In this article Cheyanne explores the world of slow fashion, revealing everything you need and want to know about this recent phenomenon

Sustainability has been a hot topic in the fashion industry recently. New terms seem to be popping up every day – from slow fashion to eco attire and circular fashion. Trying to navigate this new ethical paradigm can send your head spinning. So I’ve broken down the most important information to help you better understand “slow fashion” and integrate this knowledge the next time you are on the hunt for a new wardrobe item.

To understand slow fashion, it is essential to grasp what “fast fashion” is. From the time of the industrial revolution, the modern western world has been focused on efficiency, innovation, and capital gain. Over time this led to what we now call fast fashion. Fast fashion essentially refers to the production chain in the garment industry which has for some time been pumping out disposable garments for low prices to keep shoppers buying new clothes season after season.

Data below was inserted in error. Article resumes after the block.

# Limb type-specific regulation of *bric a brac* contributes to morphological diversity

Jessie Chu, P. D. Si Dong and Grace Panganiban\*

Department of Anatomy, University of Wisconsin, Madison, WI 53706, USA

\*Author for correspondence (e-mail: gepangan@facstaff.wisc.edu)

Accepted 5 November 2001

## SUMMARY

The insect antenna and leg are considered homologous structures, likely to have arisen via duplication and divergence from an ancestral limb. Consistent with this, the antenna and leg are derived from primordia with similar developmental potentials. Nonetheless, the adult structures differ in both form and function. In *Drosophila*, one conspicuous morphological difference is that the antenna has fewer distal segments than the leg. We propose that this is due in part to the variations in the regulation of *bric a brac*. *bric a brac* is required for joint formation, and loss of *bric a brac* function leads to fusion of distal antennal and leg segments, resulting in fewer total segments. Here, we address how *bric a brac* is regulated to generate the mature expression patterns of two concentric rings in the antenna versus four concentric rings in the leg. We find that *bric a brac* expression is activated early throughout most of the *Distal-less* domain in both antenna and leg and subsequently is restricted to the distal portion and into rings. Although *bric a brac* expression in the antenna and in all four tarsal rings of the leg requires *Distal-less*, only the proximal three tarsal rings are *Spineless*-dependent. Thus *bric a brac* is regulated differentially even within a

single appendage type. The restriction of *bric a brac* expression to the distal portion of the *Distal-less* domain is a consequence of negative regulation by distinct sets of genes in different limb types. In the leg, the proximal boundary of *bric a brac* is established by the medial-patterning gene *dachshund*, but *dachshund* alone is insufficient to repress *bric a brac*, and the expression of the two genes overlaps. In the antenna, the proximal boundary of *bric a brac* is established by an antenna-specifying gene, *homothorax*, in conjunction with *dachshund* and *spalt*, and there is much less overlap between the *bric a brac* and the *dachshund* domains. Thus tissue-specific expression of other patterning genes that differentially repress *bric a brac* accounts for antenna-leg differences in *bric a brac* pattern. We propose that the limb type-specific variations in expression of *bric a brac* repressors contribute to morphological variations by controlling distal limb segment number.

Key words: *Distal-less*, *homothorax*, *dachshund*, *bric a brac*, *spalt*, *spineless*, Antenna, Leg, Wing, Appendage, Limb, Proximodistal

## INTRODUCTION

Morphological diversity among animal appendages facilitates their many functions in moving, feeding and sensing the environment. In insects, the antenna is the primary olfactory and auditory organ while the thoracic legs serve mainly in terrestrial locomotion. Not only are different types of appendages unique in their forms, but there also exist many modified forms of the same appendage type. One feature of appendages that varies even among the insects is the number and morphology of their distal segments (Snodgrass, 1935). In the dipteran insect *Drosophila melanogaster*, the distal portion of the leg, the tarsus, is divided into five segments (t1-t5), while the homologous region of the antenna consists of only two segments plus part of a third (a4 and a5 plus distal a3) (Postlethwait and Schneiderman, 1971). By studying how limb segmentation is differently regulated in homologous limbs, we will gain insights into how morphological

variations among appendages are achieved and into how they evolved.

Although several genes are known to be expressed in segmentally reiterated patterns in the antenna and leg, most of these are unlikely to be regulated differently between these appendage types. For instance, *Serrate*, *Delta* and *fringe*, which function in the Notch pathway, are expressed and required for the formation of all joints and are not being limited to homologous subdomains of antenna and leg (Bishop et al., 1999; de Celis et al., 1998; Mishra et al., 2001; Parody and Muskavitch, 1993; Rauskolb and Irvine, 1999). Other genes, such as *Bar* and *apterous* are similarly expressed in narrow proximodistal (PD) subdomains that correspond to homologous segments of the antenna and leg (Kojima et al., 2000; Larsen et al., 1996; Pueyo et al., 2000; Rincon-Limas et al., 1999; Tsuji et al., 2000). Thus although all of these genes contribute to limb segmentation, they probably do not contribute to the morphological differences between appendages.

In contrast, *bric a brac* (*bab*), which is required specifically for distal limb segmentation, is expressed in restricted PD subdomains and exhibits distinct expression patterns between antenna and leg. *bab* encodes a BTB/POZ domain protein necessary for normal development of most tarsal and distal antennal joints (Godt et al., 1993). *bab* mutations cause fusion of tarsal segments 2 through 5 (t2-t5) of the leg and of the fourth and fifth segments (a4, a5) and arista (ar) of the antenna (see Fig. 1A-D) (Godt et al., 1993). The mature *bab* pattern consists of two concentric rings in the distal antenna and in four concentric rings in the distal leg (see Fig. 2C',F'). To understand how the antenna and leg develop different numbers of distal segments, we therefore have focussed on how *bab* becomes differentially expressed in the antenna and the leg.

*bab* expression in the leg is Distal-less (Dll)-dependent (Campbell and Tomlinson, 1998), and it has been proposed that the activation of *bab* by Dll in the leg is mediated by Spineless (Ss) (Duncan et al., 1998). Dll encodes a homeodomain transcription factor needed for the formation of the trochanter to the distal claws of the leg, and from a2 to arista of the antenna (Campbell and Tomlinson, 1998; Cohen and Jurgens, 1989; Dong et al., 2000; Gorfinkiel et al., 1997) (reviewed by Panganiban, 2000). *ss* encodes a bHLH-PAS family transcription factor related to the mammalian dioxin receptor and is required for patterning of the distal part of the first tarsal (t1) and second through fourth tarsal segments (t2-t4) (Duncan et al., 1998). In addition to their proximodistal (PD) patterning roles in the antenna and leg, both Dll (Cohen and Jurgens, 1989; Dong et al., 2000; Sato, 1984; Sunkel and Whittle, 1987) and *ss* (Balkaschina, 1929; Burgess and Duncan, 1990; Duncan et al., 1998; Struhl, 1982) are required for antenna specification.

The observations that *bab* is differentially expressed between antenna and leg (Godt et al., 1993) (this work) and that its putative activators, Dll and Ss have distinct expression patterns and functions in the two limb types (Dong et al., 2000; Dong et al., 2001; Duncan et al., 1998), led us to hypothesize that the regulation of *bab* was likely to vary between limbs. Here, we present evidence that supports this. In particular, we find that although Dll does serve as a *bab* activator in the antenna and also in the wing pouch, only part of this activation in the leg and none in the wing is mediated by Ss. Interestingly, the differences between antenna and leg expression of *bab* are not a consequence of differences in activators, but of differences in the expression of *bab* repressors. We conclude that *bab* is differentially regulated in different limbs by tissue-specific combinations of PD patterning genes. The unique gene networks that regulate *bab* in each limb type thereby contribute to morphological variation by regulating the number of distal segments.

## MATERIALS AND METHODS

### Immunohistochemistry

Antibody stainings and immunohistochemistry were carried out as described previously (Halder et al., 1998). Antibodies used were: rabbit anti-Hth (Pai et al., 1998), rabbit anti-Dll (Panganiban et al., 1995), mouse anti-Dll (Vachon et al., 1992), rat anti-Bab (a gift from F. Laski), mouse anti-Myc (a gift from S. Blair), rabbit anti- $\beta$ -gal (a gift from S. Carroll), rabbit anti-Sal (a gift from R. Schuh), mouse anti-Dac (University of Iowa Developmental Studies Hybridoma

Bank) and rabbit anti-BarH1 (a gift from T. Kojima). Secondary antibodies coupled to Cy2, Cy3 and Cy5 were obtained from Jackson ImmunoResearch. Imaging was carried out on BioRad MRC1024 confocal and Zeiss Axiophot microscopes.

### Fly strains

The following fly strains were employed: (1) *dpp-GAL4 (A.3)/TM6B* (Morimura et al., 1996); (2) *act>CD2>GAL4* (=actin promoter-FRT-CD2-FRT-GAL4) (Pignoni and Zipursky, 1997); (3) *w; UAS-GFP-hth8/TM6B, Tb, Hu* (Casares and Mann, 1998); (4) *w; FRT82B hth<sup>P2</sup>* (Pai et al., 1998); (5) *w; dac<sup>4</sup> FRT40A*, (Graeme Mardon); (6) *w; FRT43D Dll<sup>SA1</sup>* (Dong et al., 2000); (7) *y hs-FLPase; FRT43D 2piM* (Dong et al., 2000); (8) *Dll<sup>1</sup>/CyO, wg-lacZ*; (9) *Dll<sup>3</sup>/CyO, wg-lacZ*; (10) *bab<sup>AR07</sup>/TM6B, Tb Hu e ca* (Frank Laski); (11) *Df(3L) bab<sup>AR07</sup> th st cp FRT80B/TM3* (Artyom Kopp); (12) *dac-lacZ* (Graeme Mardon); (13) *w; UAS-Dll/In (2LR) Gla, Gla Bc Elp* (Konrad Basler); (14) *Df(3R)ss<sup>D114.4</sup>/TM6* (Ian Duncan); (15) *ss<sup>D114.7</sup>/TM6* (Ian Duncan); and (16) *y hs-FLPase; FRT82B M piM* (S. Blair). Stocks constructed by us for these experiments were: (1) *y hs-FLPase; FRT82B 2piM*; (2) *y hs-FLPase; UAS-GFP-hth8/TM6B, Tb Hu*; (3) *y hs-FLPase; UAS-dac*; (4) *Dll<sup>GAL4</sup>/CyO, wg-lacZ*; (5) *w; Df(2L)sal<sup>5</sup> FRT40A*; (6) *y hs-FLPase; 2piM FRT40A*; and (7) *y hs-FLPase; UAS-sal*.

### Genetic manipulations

According to Fashion Hedge, “fast fashion retailers have been very successful at acquiring consumers not only because they compete in price but because they bring the latest catwalk trends to the mainstream consumer very shortly after celebrities”. The problem is that this often leads to shady manufacturing practices. From overseas garment makers working in inhumane conditions, to the environmental impact of unregulated manufacturing, fast fashion has some serious side effects. The allure of cheap and fashionable clothes led to fast fashion as the norm. However, that is all changing.